Hermans”s most recent works expand the dialogical self theory (DST) to address new intrapsychological, interpsychological and social issues. In addition to the core assumptions of DST, in The Dialogical Self: Positioning and Counter-Positioning in a Globalizing Society Hermans and Hermans-Konopka (2010) explore such issues as the impact of globalization and localization on self and identity; self and identity in historical perspective; and practical implications of DST for organizations, motivation and conflict resolution.
The authors start by addressing an issue that is both psychological and political: how the self and identity operate and are to be understood in the context of globalization and localization. Hermans and Hermans-Konopka argue that a dialogical conceptualization of self and identity in which global and local voices are involved in continuous interchanges and negotiations provides a promising avenue for addressing the most pressing issues of our time, such as the growing uncertainty that motivates individuals and groups to find local niches for identity construction. They further propose studying self and identity on three levels — individual, local and global — paying particular attention to the increasing number of voices and countervoices, the role of social power, and the role of emotions.
Another useful innovation in this book is the addition of historical perspective on the issues of self and identity. Hermans and Hermans-Konopka outline three different perspectives on self, associated with different historical phases — traditional, modern and postmodern — and discuss advantages and “shadow sides” of each of the perspectives. They then suggest that the dialogical model of self provides a framework that can allow for the negotiation between these perspectives. This is important given that different perspectives do not succeed each other, but rather aspects of these different perspectives coexist in a contemporary society that raises significant challenges for contemporary identity building efforts.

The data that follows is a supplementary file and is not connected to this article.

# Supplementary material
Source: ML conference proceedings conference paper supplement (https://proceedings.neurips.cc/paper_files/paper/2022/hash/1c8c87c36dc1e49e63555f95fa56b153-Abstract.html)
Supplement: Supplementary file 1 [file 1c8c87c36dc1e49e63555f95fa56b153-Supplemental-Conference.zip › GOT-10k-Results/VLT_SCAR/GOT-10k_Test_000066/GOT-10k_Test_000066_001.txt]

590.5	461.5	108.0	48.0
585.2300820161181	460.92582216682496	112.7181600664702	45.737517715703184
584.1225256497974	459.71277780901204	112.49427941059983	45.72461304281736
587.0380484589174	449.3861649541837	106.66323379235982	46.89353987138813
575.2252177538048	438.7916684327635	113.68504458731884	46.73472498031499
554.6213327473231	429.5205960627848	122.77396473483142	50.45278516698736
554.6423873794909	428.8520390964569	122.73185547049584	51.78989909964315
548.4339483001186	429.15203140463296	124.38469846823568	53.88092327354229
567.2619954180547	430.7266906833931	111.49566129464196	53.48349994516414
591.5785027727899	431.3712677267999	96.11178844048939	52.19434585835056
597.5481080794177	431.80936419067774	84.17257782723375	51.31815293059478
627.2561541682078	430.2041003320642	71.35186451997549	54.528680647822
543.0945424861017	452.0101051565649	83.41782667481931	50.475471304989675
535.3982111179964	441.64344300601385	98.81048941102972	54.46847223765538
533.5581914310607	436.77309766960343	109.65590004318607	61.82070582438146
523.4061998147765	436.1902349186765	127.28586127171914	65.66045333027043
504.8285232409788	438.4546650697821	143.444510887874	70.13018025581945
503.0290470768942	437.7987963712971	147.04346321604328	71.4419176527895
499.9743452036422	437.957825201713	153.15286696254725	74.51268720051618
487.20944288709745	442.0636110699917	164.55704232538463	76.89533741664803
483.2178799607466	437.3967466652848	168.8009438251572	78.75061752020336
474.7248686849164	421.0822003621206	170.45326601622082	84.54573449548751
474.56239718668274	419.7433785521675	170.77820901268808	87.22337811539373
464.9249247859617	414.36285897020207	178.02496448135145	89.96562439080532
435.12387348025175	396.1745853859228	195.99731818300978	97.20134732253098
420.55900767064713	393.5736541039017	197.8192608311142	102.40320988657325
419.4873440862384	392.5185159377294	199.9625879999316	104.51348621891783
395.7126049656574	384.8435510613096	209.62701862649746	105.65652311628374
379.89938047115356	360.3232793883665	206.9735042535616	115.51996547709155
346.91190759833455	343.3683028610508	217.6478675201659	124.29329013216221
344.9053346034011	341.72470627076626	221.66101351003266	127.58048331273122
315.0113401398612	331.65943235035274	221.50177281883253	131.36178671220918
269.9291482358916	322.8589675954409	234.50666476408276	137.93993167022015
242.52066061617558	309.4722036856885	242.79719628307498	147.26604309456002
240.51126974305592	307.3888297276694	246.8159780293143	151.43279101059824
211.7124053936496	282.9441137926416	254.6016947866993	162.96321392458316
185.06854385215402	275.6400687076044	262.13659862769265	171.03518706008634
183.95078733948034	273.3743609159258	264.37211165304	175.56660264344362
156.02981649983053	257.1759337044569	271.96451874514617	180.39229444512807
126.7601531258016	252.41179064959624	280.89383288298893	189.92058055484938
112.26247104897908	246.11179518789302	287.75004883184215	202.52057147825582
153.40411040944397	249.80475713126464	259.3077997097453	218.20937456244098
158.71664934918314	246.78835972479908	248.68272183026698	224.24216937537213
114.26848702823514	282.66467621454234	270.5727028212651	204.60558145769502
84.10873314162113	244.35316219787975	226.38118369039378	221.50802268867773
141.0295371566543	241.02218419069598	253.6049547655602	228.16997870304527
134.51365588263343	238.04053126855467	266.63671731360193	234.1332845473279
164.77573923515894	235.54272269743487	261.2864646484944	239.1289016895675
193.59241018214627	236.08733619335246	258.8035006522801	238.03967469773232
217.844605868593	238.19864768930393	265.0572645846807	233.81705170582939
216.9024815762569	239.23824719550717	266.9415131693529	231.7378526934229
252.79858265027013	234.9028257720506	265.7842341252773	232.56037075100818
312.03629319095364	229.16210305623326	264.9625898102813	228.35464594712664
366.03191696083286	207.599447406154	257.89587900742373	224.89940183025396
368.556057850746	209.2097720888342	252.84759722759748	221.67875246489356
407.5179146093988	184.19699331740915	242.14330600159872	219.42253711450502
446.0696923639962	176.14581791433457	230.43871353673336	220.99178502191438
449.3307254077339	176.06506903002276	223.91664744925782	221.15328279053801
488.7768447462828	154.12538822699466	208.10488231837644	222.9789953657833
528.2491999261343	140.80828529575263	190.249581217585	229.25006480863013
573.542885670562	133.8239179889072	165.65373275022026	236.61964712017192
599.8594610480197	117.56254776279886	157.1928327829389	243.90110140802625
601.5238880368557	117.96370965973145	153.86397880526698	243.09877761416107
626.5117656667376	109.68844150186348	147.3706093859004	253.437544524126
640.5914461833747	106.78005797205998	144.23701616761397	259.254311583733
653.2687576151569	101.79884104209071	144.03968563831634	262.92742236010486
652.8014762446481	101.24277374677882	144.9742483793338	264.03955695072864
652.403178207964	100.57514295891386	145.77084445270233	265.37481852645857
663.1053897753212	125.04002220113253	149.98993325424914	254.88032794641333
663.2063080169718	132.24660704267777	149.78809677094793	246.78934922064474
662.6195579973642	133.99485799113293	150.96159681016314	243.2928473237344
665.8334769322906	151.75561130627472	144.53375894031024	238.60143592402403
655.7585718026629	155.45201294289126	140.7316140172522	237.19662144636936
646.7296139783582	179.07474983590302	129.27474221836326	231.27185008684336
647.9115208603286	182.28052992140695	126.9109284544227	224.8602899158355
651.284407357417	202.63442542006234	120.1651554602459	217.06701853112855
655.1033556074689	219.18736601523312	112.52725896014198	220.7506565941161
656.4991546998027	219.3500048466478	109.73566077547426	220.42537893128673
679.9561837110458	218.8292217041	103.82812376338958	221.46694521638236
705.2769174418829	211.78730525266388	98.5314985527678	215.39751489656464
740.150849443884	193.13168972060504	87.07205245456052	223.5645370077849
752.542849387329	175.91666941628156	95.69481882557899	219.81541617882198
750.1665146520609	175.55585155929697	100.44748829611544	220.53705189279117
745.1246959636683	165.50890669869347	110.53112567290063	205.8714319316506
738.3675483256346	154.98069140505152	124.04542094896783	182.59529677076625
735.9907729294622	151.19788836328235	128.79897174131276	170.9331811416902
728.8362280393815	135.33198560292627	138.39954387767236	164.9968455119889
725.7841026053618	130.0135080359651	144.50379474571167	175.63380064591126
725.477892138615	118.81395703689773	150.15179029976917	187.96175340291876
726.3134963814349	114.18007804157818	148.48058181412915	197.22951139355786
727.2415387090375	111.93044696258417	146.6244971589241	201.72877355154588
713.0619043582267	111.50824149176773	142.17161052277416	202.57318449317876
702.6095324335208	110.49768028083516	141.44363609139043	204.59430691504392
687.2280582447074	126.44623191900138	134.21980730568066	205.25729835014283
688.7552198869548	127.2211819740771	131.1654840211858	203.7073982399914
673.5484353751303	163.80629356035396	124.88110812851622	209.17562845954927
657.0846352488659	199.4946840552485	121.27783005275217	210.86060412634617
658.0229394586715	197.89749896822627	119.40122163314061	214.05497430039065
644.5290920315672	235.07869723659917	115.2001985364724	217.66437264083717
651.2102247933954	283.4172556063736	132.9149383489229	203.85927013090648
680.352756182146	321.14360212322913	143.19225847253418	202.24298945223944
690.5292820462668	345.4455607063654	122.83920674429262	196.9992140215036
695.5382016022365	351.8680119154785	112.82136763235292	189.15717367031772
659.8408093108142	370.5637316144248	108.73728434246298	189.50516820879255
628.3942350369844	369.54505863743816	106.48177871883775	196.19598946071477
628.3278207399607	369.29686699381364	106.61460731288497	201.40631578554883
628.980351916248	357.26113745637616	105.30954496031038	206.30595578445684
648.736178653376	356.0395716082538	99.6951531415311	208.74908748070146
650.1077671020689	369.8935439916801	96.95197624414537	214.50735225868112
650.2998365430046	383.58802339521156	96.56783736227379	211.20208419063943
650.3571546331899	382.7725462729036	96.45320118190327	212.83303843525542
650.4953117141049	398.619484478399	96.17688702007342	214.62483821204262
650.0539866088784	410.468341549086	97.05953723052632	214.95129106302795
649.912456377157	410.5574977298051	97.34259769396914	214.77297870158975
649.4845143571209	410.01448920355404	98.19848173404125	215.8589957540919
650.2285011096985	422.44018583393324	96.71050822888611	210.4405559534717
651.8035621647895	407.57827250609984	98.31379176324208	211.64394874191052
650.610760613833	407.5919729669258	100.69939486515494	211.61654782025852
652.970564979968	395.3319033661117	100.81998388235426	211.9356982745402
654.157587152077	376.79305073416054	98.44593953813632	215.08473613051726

Further theoretical enrichment comes from the authors” engagement with the developmental perspective. Here, Hermans and Hermans-Konopka focus on evidence related to the emergence of dialogical relationship from early pre-verbal interactional practices between the infant and its significant others. They outline a number of precursors or early manifestations of dialogical self, such as the phenomenon of joint attention, turn-taking and role-playing. Their central argument here is that self-reflection and self-knowledge are mediated from the very beginning by the interaction with the Other, which forms a solid basis for the later emergence of dialogical self.
This analysis ties in well with a discussion of emotions and the brain. From Hermans and Hermans-Konopka”s perspective emotions are of direct relevance to the functioning of the dialogical self because they can either hinder or facilitate the dialogical relationship between different positions within the self and between self and the other. While persistent anger can present an obstacle to dialogical relationship, love can foster and promote the dialogue. Hermans and Hermans-Konopka focus closely on three types of emotions that they consider particularly prominent in their different historical models of the self: gratitude as the key emotion in the traditional period, self-esteem emotions as typical of the modern period, and enjoyment as the quintessentially postmodern emotion. The authors conclude by proposing a model that can facilitate articulation, clarification and changing of emotions and is based on the development of a dialogical relationship between emotions.